atomic weapons. Well... their presence was always and systematically
denied from 1963 to 2013, when the drunk former president Lubbers
admitted they always had been there. They still are.)
“Undocumented bases are
to oversight by the public and often even Congress,” Vine explains.
“Bases are a physical manifestation of U.S. foreign and military
policy, so off-the-books bases mean the military and executive branch
are deciding such policy without public debate, frequently spending
hundreds of millions or billions of dollars and potentially getting the
U.S. involved in wars and conflicts about which most of the country
Here is more:
The Overseas Base
Realignment and Closure Coalition notes that the United States
possesses up to 95% of the world’s foreign military bases, while
countries like France, Russia, and the United Kingdom have perhaps
10-20 foreign outposts each. China has just one.
The Department of Defense
even boasts that its “locations” include 164
countries. Put another way, it has a military presence of some sort in
approximately 84% of the nations on this planet — or at least the DoD
briefly claimed this.
Here is the last bit that I quote from this fine article:
Again precisely so. There
is a lot more in this article, that is strongly recommended.
The annual cost of
U.S. military personnel overseas, as well as maintaining and running
those foreign bases, tops out at an estimated $150 billion annually,
according to the Overseas Bases Realignment and Closure Coalition. The
price tag for the outposts alone adds up to about one-third of that
total. “U.S. bases abroad cost upwards of $50 billion per year to build
and maintain, which is money that could be used to address pressing
needs at home in education, health care, housing, and infrastructure,”
Vine points out.
Reasons Corporate Media Refuse to Talk About What Matters
is by Thom Hartmann on Common Dreams and originally on the Independent
Media Institute. It starts as follows:
I agree with everything in
the above quote, but I do not like “m@therf*cker”,
indeed probably for a reason my readers may not get: I think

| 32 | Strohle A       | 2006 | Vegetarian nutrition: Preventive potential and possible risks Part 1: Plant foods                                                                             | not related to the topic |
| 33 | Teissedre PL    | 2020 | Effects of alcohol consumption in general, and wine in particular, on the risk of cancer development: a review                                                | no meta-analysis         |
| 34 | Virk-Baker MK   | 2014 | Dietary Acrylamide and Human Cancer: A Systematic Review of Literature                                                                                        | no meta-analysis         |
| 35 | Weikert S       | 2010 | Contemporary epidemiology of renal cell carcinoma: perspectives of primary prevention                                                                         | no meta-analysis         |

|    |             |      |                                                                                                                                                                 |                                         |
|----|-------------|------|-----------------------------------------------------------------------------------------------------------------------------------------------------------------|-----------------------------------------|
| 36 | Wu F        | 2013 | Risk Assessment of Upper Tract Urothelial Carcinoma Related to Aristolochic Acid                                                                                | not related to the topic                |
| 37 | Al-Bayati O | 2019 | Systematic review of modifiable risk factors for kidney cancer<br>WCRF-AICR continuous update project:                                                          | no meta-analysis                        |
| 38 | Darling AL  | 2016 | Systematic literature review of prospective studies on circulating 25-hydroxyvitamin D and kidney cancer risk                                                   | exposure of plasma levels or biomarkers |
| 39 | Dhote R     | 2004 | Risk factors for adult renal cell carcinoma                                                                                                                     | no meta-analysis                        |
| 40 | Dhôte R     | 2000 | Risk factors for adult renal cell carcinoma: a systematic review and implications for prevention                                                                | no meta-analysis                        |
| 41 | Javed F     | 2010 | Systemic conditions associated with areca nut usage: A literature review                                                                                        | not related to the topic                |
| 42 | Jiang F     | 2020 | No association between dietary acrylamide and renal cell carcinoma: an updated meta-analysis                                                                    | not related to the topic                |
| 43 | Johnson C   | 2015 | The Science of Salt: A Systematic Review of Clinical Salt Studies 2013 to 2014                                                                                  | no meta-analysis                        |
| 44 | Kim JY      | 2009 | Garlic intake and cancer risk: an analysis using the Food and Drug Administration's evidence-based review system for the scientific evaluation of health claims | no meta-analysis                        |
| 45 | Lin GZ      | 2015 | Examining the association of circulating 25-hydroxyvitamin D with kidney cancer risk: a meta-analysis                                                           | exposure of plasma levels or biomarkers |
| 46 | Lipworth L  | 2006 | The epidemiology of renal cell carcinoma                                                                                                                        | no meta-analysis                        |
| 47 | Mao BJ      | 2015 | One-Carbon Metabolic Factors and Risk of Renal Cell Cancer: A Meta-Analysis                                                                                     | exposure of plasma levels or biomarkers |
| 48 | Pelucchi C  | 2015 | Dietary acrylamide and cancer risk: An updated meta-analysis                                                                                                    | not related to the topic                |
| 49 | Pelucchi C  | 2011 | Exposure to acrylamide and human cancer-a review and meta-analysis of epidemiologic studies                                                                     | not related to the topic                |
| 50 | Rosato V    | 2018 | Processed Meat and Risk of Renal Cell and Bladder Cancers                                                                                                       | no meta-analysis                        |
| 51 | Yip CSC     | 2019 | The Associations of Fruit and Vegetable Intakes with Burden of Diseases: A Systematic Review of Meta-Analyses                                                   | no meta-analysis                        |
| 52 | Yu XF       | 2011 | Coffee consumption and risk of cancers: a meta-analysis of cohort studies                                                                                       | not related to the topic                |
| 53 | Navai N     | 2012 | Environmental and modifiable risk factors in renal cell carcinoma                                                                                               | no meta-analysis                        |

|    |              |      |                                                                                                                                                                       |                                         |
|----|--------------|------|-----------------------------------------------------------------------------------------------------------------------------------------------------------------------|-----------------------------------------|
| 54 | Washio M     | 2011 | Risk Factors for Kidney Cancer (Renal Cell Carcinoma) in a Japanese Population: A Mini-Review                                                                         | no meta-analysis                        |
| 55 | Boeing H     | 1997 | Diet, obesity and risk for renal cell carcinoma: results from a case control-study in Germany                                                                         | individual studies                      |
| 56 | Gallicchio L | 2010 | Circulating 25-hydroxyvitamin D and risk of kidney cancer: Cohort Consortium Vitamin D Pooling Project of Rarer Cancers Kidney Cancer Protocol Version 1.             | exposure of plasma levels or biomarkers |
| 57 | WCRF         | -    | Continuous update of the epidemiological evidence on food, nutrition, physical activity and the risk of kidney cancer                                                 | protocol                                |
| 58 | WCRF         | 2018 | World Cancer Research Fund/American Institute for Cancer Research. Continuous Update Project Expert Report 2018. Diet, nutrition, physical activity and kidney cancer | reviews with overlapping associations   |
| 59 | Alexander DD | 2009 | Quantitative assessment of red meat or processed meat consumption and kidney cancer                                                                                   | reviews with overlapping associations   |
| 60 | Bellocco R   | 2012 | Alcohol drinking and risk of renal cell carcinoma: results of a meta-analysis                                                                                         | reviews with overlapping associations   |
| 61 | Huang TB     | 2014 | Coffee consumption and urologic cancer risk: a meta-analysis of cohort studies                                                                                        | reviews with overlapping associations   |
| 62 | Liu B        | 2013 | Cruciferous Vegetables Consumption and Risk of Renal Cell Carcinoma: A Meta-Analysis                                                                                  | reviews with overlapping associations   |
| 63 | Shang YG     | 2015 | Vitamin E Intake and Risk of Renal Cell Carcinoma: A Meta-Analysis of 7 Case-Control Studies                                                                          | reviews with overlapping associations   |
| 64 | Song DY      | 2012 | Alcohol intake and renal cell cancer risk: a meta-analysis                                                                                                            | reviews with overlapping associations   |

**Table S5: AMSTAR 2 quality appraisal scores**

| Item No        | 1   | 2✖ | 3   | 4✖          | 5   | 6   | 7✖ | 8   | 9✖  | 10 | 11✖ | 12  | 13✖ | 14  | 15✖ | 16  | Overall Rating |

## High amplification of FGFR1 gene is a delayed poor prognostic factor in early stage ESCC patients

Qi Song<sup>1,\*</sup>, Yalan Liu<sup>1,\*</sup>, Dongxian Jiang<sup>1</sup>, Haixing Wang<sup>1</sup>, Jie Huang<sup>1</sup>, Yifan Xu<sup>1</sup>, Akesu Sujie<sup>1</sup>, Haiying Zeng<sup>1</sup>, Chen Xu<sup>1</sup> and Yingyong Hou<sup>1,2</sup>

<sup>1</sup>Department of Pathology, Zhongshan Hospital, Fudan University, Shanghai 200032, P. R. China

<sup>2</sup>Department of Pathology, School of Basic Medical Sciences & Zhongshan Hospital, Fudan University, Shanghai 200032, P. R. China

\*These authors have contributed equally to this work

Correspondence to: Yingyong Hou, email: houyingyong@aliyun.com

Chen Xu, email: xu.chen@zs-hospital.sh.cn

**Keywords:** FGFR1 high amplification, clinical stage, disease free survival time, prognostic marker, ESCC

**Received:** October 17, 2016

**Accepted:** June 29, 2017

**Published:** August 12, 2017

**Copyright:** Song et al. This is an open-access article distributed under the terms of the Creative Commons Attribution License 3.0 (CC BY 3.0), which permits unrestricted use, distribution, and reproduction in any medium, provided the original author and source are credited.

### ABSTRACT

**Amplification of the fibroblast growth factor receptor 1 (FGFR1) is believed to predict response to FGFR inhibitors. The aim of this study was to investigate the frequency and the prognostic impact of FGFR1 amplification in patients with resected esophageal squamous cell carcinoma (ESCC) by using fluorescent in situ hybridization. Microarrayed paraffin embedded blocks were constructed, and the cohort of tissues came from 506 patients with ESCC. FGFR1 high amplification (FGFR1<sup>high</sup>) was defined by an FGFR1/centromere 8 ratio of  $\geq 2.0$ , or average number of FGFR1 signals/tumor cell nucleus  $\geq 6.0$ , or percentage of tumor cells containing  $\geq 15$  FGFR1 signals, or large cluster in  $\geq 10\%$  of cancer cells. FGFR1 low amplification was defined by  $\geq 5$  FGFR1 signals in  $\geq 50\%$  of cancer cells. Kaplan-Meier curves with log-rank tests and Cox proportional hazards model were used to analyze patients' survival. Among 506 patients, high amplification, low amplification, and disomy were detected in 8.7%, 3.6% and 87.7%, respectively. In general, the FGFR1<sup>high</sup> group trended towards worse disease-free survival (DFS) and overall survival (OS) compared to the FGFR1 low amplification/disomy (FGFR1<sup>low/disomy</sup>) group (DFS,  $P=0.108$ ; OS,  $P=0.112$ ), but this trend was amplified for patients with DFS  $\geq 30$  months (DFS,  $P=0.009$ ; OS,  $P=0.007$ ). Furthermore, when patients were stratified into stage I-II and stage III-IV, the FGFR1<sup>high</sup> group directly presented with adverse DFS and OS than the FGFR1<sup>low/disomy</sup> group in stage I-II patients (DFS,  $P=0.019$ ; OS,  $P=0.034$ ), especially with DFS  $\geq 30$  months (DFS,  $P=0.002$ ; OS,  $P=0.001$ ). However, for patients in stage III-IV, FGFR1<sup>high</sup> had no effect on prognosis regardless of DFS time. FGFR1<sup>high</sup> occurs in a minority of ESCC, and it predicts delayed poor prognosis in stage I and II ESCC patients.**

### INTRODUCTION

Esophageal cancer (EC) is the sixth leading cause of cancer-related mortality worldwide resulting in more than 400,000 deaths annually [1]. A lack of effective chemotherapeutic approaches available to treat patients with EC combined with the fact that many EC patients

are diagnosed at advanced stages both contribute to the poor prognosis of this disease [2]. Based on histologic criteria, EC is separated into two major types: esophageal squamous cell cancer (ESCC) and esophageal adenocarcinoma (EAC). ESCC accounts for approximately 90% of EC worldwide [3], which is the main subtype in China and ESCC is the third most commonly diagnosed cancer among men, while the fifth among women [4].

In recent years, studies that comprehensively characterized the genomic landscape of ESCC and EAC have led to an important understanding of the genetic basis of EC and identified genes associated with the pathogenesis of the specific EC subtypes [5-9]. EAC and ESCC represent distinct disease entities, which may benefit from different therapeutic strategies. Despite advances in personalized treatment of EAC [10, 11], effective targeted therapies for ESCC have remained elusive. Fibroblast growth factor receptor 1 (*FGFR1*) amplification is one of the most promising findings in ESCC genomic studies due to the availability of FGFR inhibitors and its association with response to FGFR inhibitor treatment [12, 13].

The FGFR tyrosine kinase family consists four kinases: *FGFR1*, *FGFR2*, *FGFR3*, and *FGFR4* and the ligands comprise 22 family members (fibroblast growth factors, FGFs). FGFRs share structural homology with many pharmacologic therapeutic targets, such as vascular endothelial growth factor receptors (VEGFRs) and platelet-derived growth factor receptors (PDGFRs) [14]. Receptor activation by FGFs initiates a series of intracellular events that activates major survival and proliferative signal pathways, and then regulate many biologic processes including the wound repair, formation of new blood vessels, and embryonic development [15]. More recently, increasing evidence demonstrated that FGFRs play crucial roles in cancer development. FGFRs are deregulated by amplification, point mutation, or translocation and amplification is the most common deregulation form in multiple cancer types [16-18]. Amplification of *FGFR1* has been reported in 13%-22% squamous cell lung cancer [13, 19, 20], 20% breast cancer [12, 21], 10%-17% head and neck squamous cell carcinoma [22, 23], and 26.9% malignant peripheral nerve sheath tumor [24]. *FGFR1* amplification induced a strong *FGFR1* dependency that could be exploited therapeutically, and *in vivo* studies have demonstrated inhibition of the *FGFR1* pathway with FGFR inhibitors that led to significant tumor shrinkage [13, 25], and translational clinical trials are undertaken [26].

absolutely everyone who reads this article knows what to put for the
¨@¨ and the ¨*¨ - which means that still to do so seems rather
crazy to me, and quite childish.
The media recently was all
over Congresswoman Rashida Tlaib for calling Donald Trump a “m@therf*cker” in the context of wanting to
impeach him. It got lots and lots of coverage, over a period of several
days, while the really big work the Democrats were doing in the House
is largely ignored, along with most other consequential issues of the
Ever since the media began,
in a big way in the 1980s, to ignore actual news and go for highly
dumbed-down or even salacious stories, many of us who work in the media
have been astonished by this behavior by the network and cable news
organizations and the major newspapers.
They used to report the
details of policy proposals in great detail (see this report
from the 1970s about Richard
Nixon’s proposal for universal health care, comparing his with Ted
Kennedy’s, for example). But since the Reagan era, the networks have
largely kept their coverage exclusively to personality, scandal, and
Why would that be? Why,
since the late 1980s, has the “news” lost any semblance of actual news
and detail, and degenerated into a cleaned-up version of the National
Then again, I do not know who is to blame for this, so I merely
register that I consider it very silly.
Here is more:
In fact, I do not
have a TV since 1970, mostly because I hate advertisements
while I also had learned, in the previous 7 years in which my parents
had TV, that I learned almost nothing by viewing it.
Watch a few hours of
cable TV media, and—outside of a very few shows—odds are you won’t hear
any detail of actual policy whatsoever. Every issue is instead framed
in the horse-race format of “who’s going to win this fight”—leaving
Americans uninformed about the consequences to themselves of the issues
being fought over.
So in fact I doubt whether I have ever seen ¨a few hours of national cable TV media¨ (I can watch some of these on